Counterfeit vaccine cards will lead to total government surveillance

by | Aug 21, 2021


US Customs and Border Patrol announced its officers at a port in Alaska recently seized thousands of fake COVID-19 vaccination cards that came from China.

The seizure opens the door for government to go forward with the technological tracking of US citizens. How so?

It strengthens the arguments of pro-vaccine passport types who say Americans must be vaccinated, or else risk infecting the innocent; that Americans must prove vaccination as conditions of associating freely in public and interacting with others; that vaccine passports are obviously the easiest means by which proof of vaccination can be displayed; but that paper vaccine passports are vulnerable to counterfeit. A smartphone app that carries a scannable electronic code tied directly to the carrier’s medical records — connected directly to the clinic or doctor’s office that administered the shot — is the viable alternative. So will go the line of logic. See, see? — they’ll say: Paper passports are prone to fakery. We need something more secure. We need something technologically advanced.

In fact, this is the alternative that’s already being tested in select spots, by select tech companies.

“Smartphone developers are gearing up for a world where users can store their Covid vaccination proof in their phones’ digital wallets, making it easy to simply tap their phones when they enter new buildings,” Yahoo! News wrote. “Google, Apple and Samsung have all recently announced plans to offer a feature that readily calls up a QR code that can be scanned to quickly verify a user’s vaccination status.”

Once that electronic bridge is crossed, the once-dim potential for America’s government to track US citizens moves to certainty.

If private business can compel free citizens to carry electronic proof of vaccination as conditions of work, as conditions of entry, as conditions of travel, then what’s to stop government from arguing for the need to tap into this data to, say, track the whereabouts of a suspected terrorist — a suspected drug dealer — a suspected child abuser — a suspected bank robber — a suspected home invader — a suspected petty thief — a suspected drunk and disorderly? A suspected political dissenter?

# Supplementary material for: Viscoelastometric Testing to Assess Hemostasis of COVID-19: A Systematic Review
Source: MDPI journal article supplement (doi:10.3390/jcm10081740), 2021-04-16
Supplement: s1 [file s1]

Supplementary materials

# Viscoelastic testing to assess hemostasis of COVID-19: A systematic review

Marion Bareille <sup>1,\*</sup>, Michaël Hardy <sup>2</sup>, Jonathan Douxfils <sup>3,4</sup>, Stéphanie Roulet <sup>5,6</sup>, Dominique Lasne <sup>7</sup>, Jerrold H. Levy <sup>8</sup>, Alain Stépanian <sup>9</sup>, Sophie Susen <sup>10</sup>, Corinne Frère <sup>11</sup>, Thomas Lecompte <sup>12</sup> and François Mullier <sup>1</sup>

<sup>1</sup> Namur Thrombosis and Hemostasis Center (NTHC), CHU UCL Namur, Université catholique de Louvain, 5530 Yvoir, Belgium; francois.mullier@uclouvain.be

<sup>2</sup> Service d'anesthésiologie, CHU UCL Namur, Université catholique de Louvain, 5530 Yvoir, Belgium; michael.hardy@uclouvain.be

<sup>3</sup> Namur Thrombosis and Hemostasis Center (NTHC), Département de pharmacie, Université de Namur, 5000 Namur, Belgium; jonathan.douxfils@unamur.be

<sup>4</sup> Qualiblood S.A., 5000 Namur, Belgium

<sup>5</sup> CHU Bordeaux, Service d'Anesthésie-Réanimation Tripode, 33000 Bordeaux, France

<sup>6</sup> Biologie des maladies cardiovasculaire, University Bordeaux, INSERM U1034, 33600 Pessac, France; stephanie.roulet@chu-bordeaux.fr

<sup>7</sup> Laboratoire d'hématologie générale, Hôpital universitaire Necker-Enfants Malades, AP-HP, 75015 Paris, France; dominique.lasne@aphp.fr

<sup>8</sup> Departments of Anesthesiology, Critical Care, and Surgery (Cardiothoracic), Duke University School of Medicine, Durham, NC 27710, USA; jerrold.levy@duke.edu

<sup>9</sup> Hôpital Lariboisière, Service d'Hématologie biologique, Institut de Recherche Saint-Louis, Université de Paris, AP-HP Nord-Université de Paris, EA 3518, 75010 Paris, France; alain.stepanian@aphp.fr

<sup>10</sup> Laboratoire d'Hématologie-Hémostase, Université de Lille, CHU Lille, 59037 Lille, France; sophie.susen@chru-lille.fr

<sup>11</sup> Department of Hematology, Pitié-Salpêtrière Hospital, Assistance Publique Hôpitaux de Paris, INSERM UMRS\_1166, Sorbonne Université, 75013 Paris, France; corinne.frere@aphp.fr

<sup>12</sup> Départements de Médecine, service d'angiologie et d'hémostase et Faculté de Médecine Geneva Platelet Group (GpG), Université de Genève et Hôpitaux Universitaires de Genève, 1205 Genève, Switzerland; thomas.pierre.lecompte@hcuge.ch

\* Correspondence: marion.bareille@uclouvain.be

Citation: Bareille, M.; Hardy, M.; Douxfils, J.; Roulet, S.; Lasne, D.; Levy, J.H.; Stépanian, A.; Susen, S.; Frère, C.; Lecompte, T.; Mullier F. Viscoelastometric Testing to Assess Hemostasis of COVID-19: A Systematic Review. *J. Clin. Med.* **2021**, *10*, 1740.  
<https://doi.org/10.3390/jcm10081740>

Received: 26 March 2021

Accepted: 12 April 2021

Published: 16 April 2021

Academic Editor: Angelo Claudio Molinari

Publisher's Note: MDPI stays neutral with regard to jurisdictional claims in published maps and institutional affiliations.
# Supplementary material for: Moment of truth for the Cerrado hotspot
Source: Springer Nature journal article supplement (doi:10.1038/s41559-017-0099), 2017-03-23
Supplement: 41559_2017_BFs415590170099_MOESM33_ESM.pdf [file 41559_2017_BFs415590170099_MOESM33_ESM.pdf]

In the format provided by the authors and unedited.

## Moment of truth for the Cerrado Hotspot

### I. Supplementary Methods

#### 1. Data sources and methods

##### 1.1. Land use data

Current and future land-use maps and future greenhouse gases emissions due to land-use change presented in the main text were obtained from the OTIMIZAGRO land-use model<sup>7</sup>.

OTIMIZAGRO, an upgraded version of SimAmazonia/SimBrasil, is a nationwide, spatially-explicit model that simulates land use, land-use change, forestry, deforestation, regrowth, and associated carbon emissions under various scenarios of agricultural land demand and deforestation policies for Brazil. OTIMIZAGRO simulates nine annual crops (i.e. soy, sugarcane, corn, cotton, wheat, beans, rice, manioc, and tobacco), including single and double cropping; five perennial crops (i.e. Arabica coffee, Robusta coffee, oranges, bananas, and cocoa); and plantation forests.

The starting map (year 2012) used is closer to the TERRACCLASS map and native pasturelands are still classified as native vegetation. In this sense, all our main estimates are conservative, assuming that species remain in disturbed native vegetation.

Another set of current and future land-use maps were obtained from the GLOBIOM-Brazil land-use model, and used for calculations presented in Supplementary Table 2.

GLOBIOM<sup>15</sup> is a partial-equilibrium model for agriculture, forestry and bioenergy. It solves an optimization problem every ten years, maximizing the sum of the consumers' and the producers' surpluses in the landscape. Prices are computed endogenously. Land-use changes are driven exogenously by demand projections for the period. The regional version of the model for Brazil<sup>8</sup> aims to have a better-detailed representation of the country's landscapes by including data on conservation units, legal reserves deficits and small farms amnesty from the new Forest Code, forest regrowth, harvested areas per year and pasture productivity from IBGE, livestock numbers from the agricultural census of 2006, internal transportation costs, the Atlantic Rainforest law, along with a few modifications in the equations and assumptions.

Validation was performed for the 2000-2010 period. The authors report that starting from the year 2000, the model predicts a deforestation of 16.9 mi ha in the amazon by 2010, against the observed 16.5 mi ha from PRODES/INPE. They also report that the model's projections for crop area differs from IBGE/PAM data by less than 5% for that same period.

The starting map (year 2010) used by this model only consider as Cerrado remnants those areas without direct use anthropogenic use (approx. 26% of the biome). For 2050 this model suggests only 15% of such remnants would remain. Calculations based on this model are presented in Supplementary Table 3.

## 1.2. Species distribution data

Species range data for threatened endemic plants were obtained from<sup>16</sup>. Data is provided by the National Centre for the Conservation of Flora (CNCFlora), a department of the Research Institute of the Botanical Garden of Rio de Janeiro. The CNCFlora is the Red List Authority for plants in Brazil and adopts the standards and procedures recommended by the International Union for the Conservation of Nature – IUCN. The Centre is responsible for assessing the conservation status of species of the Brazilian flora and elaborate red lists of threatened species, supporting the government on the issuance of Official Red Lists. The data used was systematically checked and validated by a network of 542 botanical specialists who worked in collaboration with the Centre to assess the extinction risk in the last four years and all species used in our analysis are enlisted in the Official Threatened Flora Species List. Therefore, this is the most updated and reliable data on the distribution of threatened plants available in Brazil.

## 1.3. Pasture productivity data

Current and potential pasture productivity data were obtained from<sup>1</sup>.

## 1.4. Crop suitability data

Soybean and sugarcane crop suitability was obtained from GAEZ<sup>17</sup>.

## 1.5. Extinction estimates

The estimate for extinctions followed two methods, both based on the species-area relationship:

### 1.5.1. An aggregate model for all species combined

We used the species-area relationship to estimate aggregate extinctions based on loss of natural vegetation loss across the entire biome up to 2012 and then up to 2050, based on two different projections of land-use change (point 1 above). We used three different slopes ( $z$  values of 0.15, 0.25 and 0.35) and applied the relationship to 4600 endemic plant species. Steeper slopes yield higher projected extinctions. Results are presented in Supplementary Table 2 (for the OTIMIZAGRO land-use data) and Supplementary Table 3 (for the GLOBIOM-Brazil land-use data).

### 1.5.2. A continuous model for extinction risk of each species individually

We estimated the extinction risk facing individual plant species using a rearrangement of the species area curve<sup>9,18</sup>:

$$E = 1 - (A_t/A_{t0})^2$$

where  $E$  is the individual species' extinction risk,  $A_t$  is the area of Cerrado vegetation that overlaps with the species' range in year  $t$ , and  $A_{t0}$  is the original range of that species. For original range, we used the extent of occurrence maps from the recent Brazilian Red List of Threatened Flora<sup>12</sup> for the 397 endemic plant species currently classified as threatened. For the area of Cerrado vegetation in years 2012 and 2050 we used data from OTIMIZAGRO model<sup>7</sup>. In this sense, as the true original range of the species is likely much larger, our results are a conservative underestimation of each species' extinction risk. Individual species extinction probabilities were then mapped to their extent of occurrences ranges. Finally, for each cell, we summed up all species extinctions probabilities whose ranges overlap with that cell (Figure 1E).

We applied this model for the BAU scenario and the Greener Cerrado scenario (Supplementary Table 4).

The law of unintended consequences looms large here.

Just in the past couple of years, America has moved from the unthinkable to the accepted — from the idea of forcing citizens to take a vaccine that’s only been approved for emergency use to the idea that those who raise questions about the safety of this vaccine are branded unpatriotic, dangerous to society, needful of forced home quarantine.

Now add technologically driven contact tracing and vaccine passports to this mindset shift.

Now toss in apps that prove vaccination status, and all the open-door possibilities this new shift in mindset will bring. Once Americans are conditioned to cough up medical data on demand, it’s only a horizontal move to make the case — to win the case — for Americans to accept the use of personal and private data for other similarly billed necessary needs. After all, if you’re not doing anything wrong, why fear police having your data? Why fear government knowing your location? Kafka, meet trap. Pandora, meet box. Albatross, meet neck.

Counterfeit vaccine cards, meet government surveillance.

“Getting these fraudulent cards off the streets and out of the hands of those who would then sell them is important for the safety of the American public,” said Lance Robinson, area port director of the Area Port of Anchorage.

It always is.

It’s always about safety.

That’s how government grows its footprint. That’s how oppressors gain their foothold.

The only solution that saves for the long-term is to demand God-given rights, the ones founders forged for us all, the ones supposedly cemented in this nation’s foundation. That’s the only way to permanently stop this coming un-American tide of tyranny.

Reprinted with author’s permission from Washington Times.


  • Cheryl K. Chumley

    Cheryl Chumley is online opinion editor for The Washington Times, the author of “The Devil in DC: Winning Back the Country From the Beast in Washington” and of "Police State USA: How Orwell’s Nightmare is Becoming Our Reality," and a 2008-2009 Robert Novak journalism fellow with The Fund for American Studies.

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